I couldn't completely paint them out, especially with all the creases but I tried to at least make the dark spots less noticeable (but of course, since I'm discussing it, they are all you will see from now on). This required zooming in with a small precise brush. I think I painted about 6 areas, some overlapping. In all of them, I raised the exposure between 0.25 and 0.9.

In other photos, I also desaturated the dark areas and/or shifted the color temperature to try to better match the surrounding area. But in this case, I only painted in exposure adjustments.

I'm pretty sure this part (painting mattes for the dark spots) by itself was in the 3 to 5 minute range. Luckily, I didn't have to do this for many photos, but it required a lot of fine grained adjustments and a lot of brush strokes. I know I didn't completely eliminate the problem, but I hope I lessened it a little bit.

This is the image that I first published in my Camp Hollywood set, and it's still there on Facebook.

But one more thing just drove me crazy. The matte was pretty sloppy and looked like a glow or something, so I needed to spend another minute or so to clean up the edges.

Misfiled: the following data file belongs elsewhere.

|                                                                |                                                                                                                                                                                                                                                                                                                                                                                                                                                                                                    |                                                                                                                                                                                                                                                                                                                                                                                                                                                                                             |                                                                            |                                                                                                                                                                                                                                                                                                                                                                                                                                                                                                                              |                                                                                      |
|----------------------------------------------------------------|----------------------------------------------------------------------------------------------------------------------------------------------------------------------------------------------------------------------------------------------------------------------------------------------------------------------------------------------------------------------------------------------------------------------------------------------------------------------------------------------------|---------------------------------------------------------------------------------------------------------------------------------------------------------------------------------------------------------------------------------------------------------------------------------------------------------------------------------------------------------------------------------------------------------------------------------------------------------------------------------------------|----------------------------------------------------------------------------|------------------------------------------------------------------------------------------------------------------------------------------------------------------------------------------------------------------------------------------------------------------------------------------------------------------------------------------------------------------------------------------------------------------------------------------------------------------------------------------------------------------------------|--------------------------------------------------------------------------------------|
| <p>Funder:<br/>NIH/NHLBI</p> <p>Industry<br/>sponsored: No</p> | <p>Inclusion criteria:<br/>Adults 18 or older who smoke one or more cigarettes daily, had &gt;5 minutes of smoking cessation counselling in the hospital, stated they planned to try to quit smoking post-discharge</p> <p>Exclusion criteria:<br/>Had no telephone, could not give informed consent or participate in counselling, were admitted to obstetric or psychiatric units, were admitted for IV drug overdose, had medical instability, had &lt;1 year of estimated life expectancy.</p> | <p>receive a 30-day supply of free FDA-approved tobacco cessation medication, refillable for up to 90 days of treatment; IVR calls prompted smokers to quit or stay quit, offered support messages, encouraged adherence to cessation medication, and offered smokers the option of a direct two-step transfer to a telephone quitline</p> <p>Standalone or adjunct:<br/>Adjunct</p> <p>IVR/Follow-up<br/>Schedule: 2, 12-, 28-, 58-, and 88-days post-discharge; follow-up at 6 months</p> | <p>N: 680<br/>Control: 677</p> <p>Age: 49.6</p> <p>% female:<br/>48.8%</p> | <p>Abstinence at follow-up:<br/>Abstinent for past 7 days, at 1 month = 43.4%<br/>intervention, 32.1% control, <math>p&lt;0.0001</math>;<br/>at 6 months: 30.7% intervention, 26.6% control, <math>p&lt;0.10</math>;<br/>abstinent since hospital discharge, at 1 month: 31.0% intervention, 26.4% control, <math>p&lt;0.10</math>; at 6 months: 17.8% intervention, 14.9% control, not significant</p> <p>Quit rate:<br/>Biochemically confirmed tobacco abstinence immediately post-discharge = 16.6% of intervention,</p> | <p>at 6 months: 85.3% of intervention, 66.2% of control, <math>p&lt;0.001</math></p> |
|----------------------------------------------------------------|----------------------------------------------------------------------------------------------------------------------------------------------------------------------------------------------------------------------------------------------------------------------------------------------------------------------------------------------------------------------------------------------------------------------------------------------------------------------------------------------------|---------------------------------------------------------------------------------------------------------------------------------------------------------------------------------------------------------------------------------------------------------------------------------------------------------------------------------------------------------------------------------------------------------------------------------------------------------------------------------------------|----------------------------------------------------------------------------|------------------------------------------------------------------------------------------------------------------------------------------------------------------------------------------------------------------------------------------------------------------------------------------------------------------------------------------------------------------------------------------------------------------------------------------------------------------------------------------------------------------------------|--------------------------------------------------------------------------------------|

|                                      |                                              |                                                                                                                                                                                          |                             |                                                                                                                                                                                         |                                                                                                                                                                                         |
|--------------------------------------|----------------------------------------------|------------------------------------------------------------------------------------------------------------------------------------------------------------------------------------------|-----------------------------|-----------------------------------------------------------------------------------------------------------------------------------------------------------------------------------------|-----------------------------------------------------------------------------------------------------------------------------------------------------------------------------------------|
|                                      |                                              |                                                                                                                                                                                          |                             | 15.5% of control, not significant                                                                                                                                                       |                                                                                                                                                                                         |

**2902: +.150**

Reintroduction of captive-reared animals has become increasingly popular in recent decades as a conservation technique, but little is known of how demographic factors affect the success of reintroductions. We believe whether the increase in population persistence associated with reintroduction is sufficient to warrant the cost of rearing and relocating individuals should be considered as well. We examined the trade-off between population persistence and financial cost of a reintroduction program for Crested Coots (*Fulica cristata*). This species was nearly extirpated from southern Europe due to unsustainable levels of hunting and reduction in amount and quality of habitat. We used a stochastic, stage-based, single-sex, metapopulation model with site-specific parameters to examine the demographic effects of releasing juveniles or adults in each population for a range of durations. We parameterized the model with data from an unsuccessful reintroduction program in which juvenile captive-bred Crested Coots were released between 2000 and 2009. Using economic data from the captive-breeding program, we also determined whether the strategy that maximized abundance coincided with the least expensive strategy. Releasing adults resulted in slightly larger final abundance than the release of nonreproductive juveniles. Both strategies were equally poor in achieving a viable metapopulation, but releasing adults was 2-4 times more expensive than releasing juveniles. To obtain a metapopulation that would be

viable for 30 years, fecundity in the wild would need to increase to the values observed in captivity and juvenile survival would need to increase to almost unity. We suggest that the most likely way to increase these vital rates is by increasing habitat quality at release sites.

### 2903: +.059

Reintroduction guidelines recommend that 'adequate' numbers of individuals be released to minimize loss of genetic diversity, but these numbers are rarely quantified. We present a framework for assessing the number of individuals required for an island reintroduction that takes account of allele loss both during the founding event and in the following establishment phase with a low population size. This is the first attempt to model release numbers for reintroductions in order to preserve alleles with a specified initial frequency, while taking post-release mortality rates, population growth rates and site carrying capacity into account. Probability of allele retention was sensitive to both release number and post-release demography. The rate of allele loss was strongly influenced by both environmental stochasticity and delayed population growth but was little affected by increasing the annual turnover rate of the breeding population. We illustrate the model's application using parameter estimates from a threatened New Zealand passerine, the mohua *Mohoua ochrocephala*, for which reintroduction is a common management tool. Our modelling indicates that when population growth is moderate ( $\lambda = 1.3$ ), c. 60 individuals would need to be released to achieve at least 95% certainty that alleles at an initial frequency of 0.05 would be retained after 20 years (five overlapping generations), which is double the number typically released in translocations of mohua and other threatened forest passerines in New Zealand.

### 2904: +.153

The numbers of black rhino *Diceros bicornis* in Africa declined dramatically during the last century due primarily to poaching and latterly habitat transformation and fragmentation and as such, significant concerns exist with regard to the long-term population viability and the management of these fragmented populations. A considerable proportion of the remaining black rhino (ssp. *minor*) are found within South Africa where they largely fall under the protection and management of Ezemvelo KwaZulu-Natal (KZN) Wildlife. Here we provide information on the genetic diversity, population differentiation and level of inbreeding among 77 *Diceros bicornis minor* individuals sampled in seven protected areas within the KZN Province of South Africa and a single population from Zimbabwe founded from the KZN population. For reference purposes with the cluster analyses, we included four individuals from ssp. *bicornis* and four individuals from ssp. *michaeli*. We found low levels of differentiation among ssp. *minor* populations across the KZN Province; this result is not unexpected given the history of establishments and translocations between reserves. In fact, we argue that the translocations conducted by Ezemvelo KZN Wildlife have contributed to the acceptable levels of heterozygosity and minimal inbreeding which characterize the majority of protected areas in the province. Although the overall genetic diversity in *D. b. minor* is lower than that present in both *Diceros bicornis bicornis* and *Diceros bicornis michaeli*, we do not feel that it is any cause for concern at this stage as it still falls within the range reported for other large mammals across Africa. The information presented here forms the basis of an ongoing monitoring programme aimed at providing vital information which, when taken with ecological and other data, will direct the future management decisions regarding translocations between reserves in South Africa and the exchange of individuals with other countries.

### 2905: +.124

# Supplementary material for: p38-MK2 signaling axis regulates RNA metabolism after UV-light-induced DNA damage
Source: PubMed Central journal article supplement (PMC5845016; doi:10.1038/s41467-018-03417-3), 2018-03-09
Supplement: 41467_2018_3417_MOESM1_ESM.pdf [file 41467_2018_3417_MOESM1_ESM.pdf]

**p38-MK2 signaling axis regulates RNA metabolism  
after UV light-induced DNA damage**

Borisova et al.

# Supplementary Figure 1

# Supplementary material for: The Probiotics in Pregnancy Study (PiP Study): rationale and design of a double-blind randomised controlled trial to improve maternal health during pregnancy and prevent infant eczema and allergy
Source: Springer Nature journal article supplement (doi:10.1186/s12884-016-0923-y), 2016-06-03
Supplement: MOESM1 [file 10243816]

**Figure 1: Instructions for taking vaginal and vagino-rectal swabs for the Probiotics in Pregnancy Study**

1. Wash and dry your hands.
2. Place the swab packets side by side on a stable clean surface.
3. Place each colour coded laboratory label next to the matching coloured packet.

And that concludes the story of editing that photo.

Here, I'll apply the same ideas to another photo. In a lot of my evening photos, there were lights on the stage, even when there was no band. This made anything white really bright and I thought it was especially distracting in a still image. When I just applied my preset, the drums and the shirt were by far the brightest things in the scene, so even when I'm looking at the faces, there's something pulling my eye away.

(Click to Enlarge)

  There were a lot of shots where I used an Adjustment Brush to target the drums, often a shirt, and (sometimes) the glare on the speakers. Here, I used the Gradient Tool, but with the same settings that I would with the Adjustment Brush. I tried to mostly work with the Highlights(-74) because the problem was really in the brightest areas and I didn't want to darken anything else (like the faces). But that wasn't enough, so I knocked the Exposure down a little bit.